7. Join a startup incubator.  A startup incubator is a company, university or other organization that provides resources for equity to nurture young companies, helping them to survive and grow during the startup period when they are most vulnerable.  These resources often include a cash investment, as well as office space and consulting.
  8. Barter your services for their services.  Bartering technically means exchanging goods or services as a substitute for money.  An example would be getting free office space by agreeing to be the property manager for the owner.  Exchanging your services for other services is possible with legal counsel, accountants, engineers and even salespeople
  9. Joint venture with distributor or beneficiary.  A related or strategically interested company may see the value of your product as complementary to their own and be willing to advance funding very early, which can be repaid when you develop your revenue stream later.  Consider licensing your product or intellectual property, and “white labeling.”
  10. Commit to a major customer.  Find a customer who would benefit greatly from getting your product first and be willing to advance you the cost of development, based on their experience with you in the past.  The advantage to the customer is that he will have enough control to make sure it meets his requirements, and will get dedicated support.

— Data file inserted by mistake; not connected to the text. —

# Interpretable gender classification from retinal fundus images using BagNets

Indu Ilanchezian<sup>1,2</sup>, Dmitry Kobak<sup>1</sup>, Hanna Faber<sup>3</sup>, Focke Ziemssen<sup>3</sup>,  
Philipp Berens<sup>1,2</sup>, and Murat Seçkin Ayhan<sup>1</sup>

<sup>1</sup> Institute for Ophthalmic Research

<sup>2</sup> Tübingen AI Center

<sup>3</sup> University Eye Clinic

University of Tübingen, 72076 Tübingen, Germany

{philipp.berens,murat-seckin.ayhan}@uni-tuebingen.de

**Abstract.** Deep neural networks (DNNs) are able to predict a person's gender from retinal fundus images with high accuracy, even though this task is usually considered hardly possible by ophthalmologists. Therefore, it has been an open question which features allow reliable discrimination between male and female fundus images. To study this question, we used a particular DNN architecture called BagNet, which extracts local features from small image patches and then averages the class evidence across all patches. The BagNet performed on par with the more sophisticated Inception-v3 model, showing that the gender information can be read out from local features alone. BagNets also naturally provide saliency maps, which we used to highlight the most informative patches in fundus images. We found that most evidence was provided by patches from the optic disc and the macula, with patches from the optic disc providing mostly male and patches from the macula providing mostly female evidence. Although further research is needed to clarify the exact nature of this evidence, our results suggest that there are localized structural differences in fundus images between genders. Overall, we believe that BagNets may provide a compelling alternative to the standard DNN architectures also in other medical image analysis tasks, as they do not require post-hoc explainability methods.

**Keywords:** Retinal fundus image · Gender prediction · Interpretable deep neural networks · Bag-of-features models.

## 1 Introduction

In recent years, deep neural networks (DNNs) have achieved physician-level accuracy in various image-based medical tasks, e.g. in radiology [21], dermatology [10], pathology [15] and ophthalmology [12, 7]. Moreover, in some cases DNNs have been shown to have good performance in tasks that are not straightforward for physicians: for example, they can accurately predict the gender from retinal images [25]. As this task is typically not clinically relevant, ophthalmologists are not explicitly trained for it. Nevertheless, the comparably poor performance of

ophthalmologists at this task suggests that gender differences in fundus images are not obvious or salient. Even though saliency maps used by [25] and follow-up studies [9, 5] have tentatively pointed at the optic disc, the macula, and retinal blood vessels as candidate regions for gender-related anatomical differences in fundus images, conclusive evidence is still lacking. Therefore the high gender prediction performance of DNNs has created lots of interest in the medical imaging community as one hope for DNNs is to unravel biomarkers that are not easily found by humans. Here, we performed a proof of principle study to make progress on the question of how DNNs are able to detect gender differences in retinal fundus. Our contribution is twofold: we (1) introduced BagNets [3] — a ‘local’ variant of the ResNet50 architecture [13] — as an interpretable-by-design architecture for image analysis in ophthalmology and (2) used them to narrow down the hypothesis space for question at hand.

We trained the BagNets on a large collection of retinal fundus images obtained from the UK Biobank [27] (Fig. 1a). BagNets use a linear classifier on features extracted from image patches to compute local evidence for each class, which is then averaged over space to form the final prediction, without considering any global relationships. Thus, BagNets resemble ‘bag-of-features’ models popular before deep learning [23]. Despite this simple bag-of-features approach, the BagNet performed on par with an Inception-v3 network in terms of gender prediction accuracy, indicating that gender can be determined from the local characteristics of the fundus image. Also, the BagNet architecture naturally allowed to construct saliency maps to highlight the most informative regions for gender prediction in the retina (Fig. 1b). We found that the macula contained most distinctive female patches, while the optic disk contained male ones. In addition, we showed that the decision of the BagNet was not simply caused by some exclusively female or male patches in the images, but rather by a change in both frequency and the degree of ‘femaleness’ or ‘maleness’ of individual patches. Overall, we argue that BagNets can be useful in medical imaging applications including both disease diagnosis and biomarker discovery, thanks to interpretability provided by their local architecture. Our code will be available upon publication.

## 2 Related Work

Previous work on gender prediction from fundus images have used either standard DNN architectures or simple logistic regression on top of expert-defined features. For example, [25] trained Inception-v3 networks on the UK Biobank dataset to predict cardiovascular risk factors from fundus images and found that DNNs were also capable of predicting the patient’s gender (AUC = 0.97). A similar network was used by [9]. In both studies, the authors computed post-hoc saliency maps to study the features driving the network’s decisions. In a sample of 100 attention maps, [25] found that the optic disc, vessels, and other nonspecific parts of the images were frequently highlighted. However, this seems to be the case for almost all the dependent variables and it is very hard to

The good news is that the cost for new startups is at an all-time low.  In the early days (20 years ago), most new e-commerce sites cost a million dollars to set-up.  Now the price is closer to $100, if you are willing to do the work yourself.  Software apps that once required a 10-person team can now be done with the Lean Development methodology, by 2 people in a couple of months.

The bad news is that the valley’s depth before real revenue, considering the high costs of marketing, manufacturing and sales, can still add up to $500K, on up to $1 million or more, before you will be attractive to angel investors or venture capitalists.

In reality, the financing valley of death tests the commitment, determination and problem-solving ability of every entrepreneur.  It’s the time when you create tremendous value out of nothing.  It’s what separates the true entrepreneurs from the wannabes.  Yet, in many ways, this starting period is the most satisfying time you will ever have as an entrepreneur.  Are you ready to start?

Reprinted by permission.

About the author: Martin Zwilling

Martin is the CEO & Founder of Startup Professionals, Inc., a consultancy focused on assisting entrepreneurs with mentoring, business strategy and planning, and networking.

Martin for years has provided entrepreneurs with first-hand advice, mentoring and business plan assistance as a startup consultant. He has a unique combination of business and high-tech experience, and executive mentoring and connecting startups with potential investors, board members, and service providers.